Sergeant Alicia White and Officer WIlliam Porter sue Mosby for defamation, invasion of privacy
It looks like at least two of the Freddie Gray defendants have decided to go on the offensive.
According to reporting by the Baltimore Sun, Sergeant Alicia White and Officer William Porter have each filed suit against State’s Attorney Marilyn Mosby for defamation and invasion of privacy. Also named in the suit is Major Sam Cogen with the Baltimore Sheriff’s Office and the State of Maryland itself.
The Baltimore Sun report notes:
Mosby, who announced the charges one day after receiving the official police investigation into the incident, said that she had conducted her own independent investigation with the help of the sheriff’s office. Cogen signed and filed the initial charging documents in the case, outlining the state’s probable cause.
Attorneys for the officers have expressed skepticism about that investigation, saying evidence submitted to them through discovery provided little proof that any such investigation occurred.
Both White and Porter are charged with involuntary manslaughter (punishable by up to 10 years in prison), second-degree assault (10 years), reckless endangerment (5 years), and misconduct in office (indeterminate sentence).
The suit was apparently filed on May 2. The delay in it being made public may be a result of the attorneys for White and Porter requesting that the suit be sealed, to avoid any impression that they are seeking to violate the gag order put in place by Judge Barry Williams, who is overseeing the Freddie Gray trials. This motion has been denied by another judge. Attorneys for the officers explained that they could no longer delay filing this civil suit because of statute of limitations concerns.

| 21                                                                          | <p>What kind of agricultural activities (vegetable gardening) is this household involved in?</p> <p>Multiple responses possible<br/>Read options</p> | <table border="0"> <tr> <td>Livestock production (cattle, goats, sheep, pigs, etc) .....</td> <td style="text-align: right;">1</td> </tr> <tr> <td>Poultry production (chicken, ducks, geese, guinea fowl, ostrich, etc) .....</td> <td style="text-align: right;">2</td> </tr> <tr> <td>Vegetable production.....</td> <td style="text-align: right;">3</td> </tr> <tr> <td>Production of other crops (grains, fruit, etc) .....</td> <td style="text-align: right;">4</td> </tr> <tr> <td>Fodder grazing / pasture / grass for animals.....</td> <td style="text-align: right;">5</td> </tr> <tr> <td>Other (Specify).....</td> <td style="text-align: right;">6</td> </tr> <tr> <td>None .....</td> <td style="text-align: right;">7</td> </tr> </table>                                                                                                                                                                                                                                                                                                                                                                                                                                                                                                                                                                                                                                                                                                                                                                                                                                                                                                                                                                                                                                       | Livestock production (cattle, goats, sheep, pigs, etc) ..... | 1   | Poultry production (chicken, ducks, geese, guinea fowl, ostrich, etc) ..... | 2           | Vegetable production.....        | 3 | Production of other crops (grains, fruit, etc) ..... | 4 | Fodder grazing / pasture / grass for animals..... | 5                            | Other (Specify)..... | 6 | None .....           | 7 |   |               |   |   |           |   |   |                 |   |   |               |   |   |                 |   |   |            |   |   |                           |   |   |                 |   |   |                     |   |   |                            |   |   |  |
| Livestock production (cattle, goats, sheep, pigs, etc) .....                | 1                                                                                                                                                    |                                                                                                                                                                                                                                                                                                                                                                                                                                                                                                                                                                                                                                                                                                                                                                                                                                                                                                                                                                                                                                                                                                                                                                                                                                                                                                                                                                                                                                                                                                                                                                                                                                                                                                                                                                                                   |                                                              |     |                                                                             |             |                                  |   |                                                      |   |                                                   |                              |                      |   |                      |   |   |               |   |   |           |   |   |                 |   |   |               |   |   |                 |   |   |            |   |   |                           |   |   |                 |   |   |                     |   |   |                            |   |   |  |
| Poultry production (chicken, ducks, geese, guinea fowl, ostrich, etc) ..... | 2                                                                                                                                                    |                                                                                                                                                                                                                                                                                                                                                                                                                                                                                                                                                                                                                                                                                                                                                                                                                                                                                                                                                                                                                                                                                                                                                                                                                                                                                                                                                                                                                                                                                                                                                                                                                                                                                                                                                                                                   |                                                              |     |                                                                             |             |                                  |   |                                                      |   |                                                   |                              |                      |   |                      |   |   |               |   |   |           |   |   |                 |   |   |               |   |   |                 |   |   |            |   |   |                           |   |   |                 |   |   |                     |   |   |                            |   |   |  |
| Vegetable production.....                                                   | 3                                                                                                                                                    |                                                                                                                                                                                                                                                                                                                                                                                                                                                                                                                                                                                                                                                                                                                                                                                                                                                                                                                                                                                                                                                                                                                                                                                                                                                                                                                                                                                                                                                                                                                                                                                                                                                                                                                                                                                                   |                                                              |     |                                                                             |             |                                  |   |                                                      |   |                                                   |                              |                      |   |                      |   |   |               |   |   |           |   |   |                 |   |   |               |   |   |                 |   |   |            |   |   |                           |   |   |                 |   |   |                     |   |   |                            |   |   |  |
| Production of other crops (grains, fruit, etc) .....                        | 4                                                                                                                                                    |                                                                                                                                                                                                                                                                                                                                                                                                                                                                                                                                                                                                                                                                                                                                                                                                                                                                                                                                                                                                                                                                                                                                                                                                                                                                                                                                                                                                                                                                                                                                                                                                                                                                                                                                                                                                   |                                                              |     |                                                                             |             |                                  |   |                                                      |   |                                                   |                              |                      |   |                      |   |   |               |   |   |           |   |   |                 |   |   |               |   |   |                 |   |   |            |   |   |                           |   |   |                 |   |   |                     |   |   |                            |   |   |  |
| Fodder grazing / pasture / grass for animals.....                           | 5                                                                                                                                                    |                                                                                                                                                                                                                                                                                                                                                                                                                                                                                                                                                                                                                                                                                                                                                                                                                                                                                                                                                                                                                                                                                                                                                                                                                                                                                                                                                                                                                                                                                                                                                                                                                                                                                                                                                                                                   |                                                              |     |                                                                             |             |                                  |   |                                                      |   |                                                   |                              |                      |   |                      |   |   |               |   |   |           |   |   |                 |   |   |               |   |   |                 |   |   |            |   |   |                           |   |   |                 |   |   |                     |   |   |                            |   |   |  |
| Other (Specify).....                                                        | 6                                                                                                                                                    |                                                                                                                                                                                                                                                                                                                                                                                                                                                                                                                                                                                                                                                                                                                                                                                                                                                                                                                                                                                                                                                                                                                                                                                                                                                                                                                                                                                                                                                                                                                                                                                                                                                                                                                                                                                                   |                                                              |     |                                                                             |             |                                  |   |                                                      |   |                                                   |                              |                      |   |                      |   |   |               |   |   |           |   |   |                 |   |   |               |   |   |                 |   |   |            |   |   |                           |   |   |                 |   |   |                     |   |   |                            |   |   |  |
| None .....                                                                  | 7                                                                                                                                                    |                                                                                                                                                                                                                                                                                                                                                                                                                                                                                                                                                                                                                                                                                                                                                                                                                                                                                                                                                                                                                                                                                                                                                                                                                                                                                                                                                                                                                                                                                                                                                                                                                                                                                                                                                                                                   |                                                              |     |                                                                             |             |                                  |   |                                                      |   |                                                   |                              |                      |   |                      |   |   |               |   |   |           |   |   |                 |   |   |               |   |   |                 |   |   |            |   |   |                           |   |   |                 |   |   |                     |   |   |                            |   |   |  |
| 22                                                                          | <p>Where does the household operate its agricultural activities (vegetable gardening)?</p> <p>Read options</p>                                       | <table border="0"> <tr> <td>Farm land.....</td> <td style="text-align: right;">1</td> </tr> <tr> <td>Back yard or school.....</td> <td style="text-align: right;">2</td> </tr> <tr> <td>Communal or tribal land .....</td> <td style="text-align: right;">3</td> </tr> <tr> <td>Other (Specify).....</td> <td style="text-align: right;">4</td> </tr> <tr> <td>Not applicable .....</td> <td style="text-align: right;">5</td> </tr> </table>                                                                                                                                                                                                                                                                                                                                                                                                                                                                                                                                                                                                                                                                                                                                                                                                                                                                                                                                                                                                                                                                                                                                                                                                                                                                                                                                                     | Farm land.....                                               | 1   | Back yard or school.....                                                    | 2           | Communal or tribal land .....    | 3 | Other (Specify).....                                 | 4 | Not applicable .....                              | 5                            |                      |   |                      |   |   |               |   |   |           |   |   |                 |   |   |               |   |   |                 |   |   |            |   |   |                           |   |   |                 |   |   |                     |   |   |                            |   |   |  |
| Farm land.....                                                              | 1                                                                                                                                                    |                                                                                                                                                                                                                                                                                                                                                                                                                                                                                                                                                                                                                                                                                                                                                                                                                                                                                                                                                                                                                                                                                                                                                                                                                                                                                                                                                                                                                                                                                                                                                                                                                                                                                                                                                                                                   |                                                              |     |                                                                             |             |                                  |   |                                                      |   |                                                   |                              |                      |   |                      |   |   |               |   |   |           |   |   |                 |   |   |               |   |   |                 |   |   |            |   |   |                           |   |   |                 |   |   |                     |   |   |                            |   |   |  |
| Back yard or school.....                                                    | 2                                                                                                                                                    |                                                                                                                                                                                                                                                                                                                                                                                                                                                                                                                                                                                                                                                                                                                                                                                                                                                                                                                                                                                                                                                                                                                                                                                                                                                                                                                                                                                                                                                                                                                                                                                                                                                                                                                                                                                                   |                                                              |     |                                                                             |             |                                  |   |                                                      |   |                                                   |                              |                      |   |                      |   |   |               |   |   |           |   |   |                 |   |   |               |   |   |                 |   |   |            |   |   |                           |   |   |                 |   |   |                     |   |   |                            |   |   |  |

The suit alleges that Mosby and Cogen made false statements against the officers in the course of filing charges against them, and that “[t]hese among other statements were made not for the purpose of prosecuting crimes that had allegedly been committed by White and Porter, but rather for purposes of quelling the riots in Baltimore.”
Civil attorneys interviewed by the Baltimore Sun were skeptical that the civil suit was likely to succeed. The sun quotes civil attorney A. Dwight Pettit as noting that prosecutors enjoy broad immunity from civil suit for conduct undertaken in the course of their official duties, “unless you can show some sort of malicious intent, which is a very steep burden. … [The officers] would have to prove that they were frivolous and without substance and that she knew the charges could not stand, and none of that has developed.”
Despite the attorneys for the officers protestations to the contrary, one cannot help but wonder if the filing of the civil suit is, in fact, a strategy to get around the gag order imposed by Judge Barry Williams. In the absent of the suit being sealed, which has already been denied, all filings in the civil suit will be public record.
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